The idea of the fact-checking activity in the Digital Polarization Initiative is simple: civic education as public work.
The education piece is simple: students learn how to tell truth from fiction on the web through checking our claims and investigating questions. We have a short textbook on that that they can read in a week. They can then apply those skills to political questions or questions within their discipline.
The public work piece is important though as well. It’s not enough for students to tell truth from fiction on the web (a personal skill). They should also use that skill to make the world a better place for others. So we encourage students to contribute the results of their investigations to a public wiki. Some of the answers our students have provided on various issues already rank near the top of Google queries for related questions.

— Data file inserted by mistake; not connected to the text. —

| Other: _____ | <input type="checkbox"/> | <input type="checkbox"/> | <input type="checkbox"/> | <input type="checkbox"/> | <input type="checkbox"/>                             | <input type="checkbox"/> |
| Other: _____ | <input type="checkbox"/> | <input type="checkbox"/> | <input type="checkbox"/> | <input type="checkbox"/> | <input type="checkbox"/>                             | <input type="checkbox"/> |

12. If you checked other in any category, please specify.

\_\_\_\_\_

This is digital public work, not just in the sense it is publicly available, but in the sense that it contributes to a public commons to advance a public good. In this case, that public good is to collectively improve the information environment of the web.
How much tech do you need to know or master to participate? Here’s the thing: outside what you’ll need to learn about fact-checking (Google features, checking sources, following links) you need to know almost nothing.
If you want your class to make the world a better place, the current “Digipo” process is to talk to me. I’ll set your class up a directory in Google Docs that is pre-connected to the wiki generation code. Students edit the documents in that directory and they automatically get changed to wiki pages. The video below shows it in action.
That’s it. I can’t begin to tell you what a pain in the butt it was to set this up. But the pain is behind us now, and there really is no excuse for not participating. The learning curve for contribution is a flat line, which will let you concentrate on the fact-checking parts. Contact me at firstname.lastname@example.org if you want to participate.